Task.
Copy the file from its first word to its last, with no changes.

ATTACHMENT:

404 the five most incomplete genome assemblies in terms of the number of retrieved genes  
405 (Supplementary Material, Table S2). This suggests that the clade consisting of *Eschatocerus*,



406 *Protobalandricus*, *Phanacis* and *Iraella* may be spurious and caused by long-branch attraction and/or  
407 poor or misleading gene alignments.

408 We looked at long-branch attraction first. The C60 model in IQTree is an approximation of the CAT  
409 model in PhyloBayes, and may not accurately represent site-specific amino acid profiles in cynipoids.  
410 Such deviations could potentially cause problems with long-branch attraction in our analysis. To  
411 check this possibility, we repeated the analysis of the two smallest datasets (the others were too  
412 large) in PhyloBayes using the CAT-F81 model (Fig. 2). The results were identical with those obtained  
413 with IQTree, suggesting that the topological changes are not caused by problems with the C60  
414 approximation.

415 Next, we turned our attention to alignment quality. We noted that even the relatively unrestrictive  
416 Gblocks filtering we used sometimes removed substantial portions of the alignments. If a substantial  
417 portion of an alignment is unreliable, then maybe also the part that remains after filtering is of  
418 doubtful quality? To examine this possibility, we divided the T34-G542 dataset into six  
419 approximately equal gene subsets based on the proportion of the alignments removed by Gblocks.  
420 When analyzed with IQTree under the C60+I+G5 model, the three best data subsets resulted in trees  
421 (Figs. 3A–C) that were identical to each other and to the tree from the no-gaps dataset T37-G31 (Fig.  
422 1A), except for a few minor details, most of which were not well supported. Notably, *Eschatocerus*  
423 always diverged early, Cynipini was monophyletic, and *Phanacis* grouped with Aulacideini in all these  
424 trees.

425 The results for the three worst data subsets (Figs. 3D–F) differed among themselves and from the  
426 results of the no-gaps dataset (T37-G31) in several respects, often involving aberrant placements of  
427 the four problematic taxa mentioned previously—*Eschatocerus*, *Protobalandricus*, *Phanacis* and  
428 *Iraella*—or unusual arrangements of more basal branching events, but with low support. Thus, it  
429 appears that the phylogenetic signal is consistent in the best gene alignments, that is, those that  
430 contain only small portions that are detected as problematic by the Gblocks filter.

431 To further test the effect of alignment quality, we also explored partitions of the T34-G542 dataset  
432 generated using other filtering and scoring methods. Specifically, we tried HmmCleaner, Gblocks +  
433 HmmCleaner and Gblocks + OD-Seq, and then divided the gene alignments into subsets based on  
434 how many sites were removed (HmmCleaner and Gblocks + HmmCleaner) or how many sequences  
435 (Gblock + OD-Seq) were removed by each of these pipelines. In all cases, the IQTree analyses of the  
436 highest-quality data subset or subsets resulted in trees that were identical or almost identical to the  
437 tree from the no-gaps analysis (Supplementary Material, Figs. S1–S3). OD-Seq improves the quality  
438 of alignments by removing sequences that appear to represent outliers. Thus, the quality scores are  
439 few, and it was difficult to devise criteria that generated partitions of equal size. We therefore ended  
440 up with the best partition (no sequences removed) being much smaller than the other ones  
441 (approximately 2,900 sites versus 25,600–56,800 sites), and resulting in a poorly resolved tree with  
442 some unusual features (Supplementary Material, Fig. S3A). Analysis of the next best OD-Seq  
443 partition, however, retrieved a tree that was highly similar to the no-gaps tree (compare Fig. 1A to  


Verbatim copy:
404 the five most incomplete genome assemblies in terms of the number of retrieved genes  
405 (Supplementary Material, Table S2). This suggests that the clade consisting of *Eschatocerus*,



406 *Protobalandricus*, *Phanacis* and *Iraella* may be spurious and caused by long-branch attraction and/or  
407 poor or misleading gene alignments.

408 We looked at long-branch attraction first. The C60 model in IQTree is an approximation of the CAT  
409 model in PhyloBayes, and may not accurately represent site-specific amino acid profiles in cynipoids.  
410 Such deviations could potentially cause problems with long-branch attraction in our analysis. To  
411 check this possibility, we repeated the analysis of the two smallest datasets (the others were too  
412 large) in PhyloBayes using the CAT-F81 model (Fig. 2). The results were identical with those obtained  
413 with IQTree, suggesting that the topological changes are not caused by problems with the C60  
414 approximation.

415 Next, we turned our attention to alignment quality. We noted that even the relatively unrestrictive  
416 Gblocks filtering we used sometimes removed substantial portions of the alignments. If a substantial  
417 portion of an alignment is unreliable, then maybe also the part that remains after filtering is of  
418 doubtful quality? To examine this possibility, we divided the T34-G542 dataset into six  
419 approximately equal gene subsets based on the proportion of the alignments removed by Gblocks.  
420 When analyzed with IQTree under the C60+I+G5 model, the three best data subsets resulted in trees  
421 (Figs. 3A–C) that were identical to each other and to the tree from the no-gaps dataset T37-G31 (Fig.  
422 1A), except for a few minor details, most of which were not well supported. Notably, *Eschatocerus*  
423 always diverged early, Cynipini was monophyletic, and *Phanacis* grouped with Aulacideini in all these  
424 trees.

425 The results for the three worst data subsets (Figs. 3D–F) differed among themselves and from the  
426 results of the no-gaps dataset (T37-G31) in several respects, often involving aberrant placements of  
427 the four problematic taxa mentioned previously—*Eschatocerus*, *Protobalandricus*, *Phanacis* and  
428 *Iraella*—or unusual arrangements of more basal branching events, but with low support. Thus, it  
429 appears that the phylogenetic signal is consistent in the best gene alignments, that is, those that  
430 contain only small portions that are detected as problematic by the Gblocks filter.

431 To further test the effect of alignment quality, we also explored partitions of the T34-G542 dataset  
432 generated using other filtering and scoring methods. Specifically, we tried HmmCleaner, Gblocks +  
433 HmmCleaner and Gblocks + OD-Seq, and then divided the gene alignments into subsets based on  
434 how many sites were removed (HmmCleaner and Gblocks + HmmCleaner) or how many sequences  
435 (Gblock + OD-Seq) were removed by each of these pipelines. In all cases, the IQTree analyses of the  
436 highest-quality data subset or subsets resulted in trees that were identical or almost identical to the  
437 tree from the no-gaps analysis (Supplementary Material, Figs. S1–S3). OD-Seq improves the quality  
438 of alignments by removing sequences that appear to represent outliers. Thus, the quality scores are  
439 few, and it was difficult to devise criteria that generated partitions of equal size. We therefore ended  
440 up with the best partition (no sequences removed) being much smaller than the other ones  
441 (approximately 2,900 sites versus 25,600–56,800 sites), and resulting in a poorly resolved tree with  
442 some unusual features (Supplementary Material, Fig. S3A). Analysis of the next best OD-Seq  
443 partition, however, retrieved a tree that was highly similar to the no-gaps tree (compare Fig. 1A to  